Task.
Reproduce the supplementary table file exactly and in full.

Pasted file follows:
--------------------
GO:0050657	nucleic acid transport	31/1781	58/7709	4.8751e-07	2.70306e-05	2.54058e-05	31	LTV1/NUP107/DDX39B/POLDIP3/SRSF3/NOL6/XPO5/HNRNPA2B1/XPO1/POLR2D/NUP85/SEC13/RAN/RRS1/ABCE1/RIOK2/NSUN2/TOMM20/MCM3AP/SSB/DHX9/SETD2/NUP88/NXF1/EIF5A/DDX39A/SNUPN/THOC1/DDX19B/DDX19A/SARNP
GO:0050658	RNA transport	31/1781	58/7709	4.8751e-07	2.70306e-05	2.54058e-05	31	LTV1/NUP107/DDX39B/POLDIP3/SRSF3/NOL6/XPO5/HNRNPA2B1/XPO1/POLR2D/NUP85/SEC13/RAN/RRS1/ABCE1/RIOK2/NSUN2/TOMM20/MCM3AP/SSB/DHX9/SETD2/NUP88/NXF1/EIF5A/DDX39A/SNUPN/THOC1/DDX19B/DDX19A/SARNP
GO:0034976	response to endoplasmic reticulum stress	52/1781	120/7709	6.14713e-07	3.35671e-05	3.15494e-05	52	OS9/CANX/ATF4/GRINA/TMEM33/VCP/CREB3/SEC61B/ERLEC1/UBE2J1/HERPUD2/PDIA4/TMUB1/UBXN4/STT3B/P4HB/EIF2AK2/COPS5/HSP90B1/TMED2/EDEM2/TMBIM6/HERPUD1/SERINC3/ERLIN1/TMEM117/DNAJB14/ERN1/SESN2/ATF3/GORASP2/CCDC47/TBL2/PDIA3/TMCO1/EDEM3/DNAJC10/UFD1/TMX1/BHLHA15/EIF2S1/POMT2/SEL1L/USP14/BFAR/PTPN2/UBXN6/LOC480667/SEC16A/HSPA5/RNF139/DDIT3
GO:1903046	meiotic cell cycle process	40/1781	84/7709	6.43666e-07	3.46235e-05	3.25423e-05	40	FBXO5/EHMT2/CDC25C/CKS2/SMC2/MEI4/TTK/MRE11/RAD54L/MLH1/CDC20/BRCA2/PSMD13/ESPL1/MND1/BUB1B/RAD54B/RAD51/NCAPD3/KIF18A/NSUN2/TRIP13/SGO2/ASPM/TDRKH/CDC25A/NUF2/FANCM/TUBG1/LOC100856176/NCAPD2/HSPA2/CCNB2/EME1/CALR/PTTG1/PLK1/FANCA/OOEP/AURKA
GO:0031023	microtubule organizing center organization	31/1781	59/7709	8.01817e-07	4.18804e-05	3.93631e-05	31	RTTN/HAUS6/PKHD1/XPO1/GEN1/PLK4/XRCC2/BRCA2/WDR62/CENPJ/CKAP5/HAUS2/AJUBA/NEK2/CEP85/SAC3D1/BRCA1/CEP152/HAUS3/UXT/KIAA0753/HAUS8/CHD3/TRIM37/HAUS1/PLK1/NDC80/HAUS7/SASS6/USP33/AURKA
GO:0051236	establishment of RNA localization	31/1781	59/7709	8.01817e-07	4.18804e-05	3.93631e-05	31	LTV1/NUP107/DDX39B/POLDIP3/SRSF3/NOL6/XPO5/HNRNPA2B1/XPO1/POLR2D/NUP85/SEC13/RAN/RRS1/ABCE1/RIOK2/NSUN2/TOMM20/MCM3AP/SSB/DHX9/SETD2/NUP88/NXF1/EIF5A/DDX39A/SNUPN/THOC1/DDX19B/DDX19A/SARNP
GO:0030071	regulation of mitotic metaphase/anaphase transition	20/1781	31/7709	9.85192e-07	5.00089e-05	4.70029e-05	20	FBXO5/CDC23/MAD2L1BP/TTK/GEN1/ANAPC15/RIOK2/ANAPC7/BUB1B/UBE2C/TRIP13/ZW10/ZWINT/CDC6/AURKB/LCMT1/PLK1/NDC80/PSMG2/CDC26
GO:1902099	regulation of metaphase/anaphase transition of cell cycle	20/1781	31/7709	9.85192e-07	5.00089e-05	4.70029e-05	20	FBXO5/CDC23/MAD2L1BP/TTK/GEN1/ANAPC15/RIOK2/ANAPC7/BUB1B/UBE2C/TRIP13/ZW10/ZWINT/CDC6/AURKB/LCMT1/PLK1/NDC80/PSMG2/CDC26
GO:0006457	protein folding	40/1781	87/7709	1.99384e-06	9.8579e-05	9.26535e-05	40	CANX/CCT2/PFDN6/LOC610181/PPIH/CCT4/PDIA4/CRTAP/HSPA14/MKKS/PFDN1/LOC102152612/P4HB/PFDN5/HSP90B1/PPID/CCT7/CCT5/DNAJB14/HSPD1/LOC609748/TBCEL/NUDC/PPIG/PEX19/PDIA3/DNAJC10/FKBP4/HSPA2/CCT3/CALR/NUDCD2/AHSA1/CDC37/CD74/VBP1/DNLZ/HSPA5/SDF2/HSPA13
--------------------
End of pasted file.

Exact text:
GO:0050657	nucleic acid transport	31/1781	58/7709	4.8751e-07	2.70306e-05	2.54058e-05	31	LTV1/NUP107/DDX39B/POLDIP3/SRSF3/NOL6/XPO5/HNRNPA2B1/XPO1/POLR2D/NUP85/SEC13/RAN/RRS1/ABCE1/RIOK2/NSUN2/TOMM20/MCM3AP/SSB/DHX9/SETD2/NUP88/NXF1/EIF5A/DDX39A/SNUPN/THOC1/DDX19B/DDX19A/SARNP
GO:0050658	RNA transport	31/1781	58/7709	4.8751e-07	2.70306e-05	2.54058e-05	31	LTV1/NUP107/DDX39B/POLDIP3/SRSF3/NOL6/XPO5/HNRNPA2B1/XPO1/POLR2D/NUP85/SEC13/RAN/RRS1/ABCE1/RIOK2/NSUN2/TOMM20/MCM3AP/SSB/DHX9/SETD2/NUP88/NXF1/EIF5A/DDX39A/SNUPN/THOC1/DDX19B/DDX19A/SARNP
GO:0034976	response to endoplasmic reticulum stress	52/1781	120/7709	6.14713e-07	3.35671e-05	3.15494e-05	52	OS9/CANX/ATF4/GRINA/TMEM33/VCP/CREB3/SEC61B/ERLEC1/UBE2J1/HERPUD2/PDIA4/TMUB1/UBXN4/STT3B/P4HB/EIF2AK2/COPS5/HSP90B1/TMED2/EDEM2/TMBIM6/HERPUD1/SERINC3/ERLIN1/TMEM117/DNAJB14/ERN1/SESN2/ATF3/GORASP2/CCDC47/TBL2/PDIA3/TMCO1/EDEM3/DNAJC10/UFD1/TMX1/BHLHA15/EIF2S1/POMT2/SEL1L/USP14/BFAR/PTPN2/UBXN6/LOC480667/SEC16A/HSPA5/RNF139/DDIT3
GO:1903046	meiotic cell cycle process	40/1781	84/7709	6.43666e-07	3.46235e-05	3.25423e-05	40	FBXO5/EHMT2/CDC25C/CKS2/SMC2/MEI4/TTK/MRE11/RAD54L/MLH1/CDC20/BRCA2/PSMD13/ESPL1/MND1/BUB1B/RAD54B/RAD51/NCAPD3/KIF18A/NSUN2/TRIP13/SGO2/ASPM/TDRKH/CDC25A/NUF2/FANCM/TUBG1/LOC100856176/NCAPD2/HSPA2/CCNB2/EME1/CALR/PTTG1/PLK1/FANCA/OOEP/AURKA
GO:0031023	microtubule organizing center organization	31/1781	59/7709	8.01817e-07	4.18804e-05	3.93631e-05	31	RTTN/HAUS6/PKHD1/XPO1/GEN1/PLK4/XRCC2/BRCA2/WDR62/CENPJ/CKAP5/HAUS2/AJUBA/NEK2/CEP85/SAC3D1/BRCA1/CEP152/HAUS3/UXT/KIAA0753/HAUS8/CHD3/TRIM37/HAUS1/PLK1/NDC80/HAUS7/SASS6/USP33/AURKA
GO:0051236	establishment of RNA localization	31/1781	59/7709	8.01817e-07	4.18804e-05	3.93631e-05	31	LTV1/NUP107/DDX39B/POLDIP3/SRSF3/NOL6/XPO5/HNRNPA2B1/XPO1/POLR2D/NUP85/SEC13/RAN/RRS1/ABCE1/RIOK2/NSUN2/TOMM20/MCM3AP/SSB/DHX9/SETD2/NUP88/NXF1/EIF5A/DDX39A/SNUPN/THOC1/DDX19B/DDX19A/SARNP
GO:0030071	regulation of mitotic metaphase/anaphase transition	20/1781	31/7709	9.85192e-07	5.00089e-05	4.70029e-05	20	FBXO5/CDC23/MAD2L1BP/TTK/GEN1/ANAPC15/RIOK2/ANAPC7/BUB1B/UBE2C/TRIP13/ZW10/ZWINT/CDC6/AURKB/LCMT1/PLK1/NDC80/PSMG2/CDC26
GO:1902099	regulation of metaphase/anaphase transition of cell cycle	20/1781	31/7709	9.85192e-07	5.00089e-05	4.70029e-05	20	FBXO5/CDC23/MAD2L1BP/TTK/GEN1/ANAPC15/RIOK2/ANAPC7/BUB1B/UBE2C/TRIP13/ZW10/ZWINT/CDC6/AURKB/LCMT1/PLK1/NDC80/PSMG2/CDC26
GO:0006457	protein folding	40/1781	87/7709	1.99384e-06	9.8579e-05	9.26535e-05	40	CANX/CCT2/PFDN6/LOC610181/PPIH/CCT4/PDIA4/CRTAP/HSPA14/MKKS/PFDN1/LOC102152612/P4HB/PFDN5/HSP90B1/PPID/CCT7/CCT5/DNAJB14/HSPD1/LOC609748/TBCEL/NUDC/PPIG/PEX19/PDIA3/DNAJC10/FKBP4/HSPA2/CCT3/CALR/NUDCD2/AHSA1/CDC37/CD74/VBP1/DNLZ/HSPA5/SDF2/HSPA13